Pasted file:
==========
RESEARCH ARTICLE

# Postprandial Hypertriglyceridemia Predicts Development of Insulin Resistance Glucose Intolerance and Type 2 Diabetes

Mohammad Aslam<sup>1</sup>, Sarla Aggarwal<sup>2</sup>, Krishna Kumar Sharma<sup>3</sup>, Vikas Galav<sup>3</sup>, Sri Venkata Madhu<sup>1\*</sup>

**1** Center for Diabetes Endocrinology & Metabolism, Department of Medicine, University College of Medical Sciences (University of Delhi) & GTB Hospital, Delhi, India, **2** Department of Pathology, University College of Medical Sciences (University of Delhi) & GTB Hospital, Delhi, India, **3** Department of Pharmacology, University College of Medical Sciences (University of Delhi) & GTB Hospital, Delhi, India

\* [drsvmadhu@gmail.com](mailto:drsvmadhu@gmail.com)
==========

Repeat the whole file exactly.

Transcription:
RESEARCH ARTICLE

# Postprandial Hypertriglyceridemia Predicts Development of Insulin Resistance Glucose Intolerance and Type 2 Diabetes

Mohammad Aslam<sup>1</sup>, Sarla Aggarwal<sup>2</sup>, Krishna Kumar Sharma<sup>3</sup>, Vikas Galav<sup>3</sup>, Sri Venkata Madhu<sup>1\*</sup>

**1** Center for Diabetes Endocrinology & Metabolism, Department of Medicine, University College of Medical Sciences (University of Delhi) & GTB Hospital, Delhi, India, **2** Department of Pathology, University College of Medical Sciences (University of Delhi) & GTB Hospital, Delhi, India, **3** Department of Pharmacology, University College of Medical Sciences (University of Delhi) & GTB Hospital, Delhi, India

\* [drsvmadhu@gmail.com](mailto:drsvmadhu@gmail.com)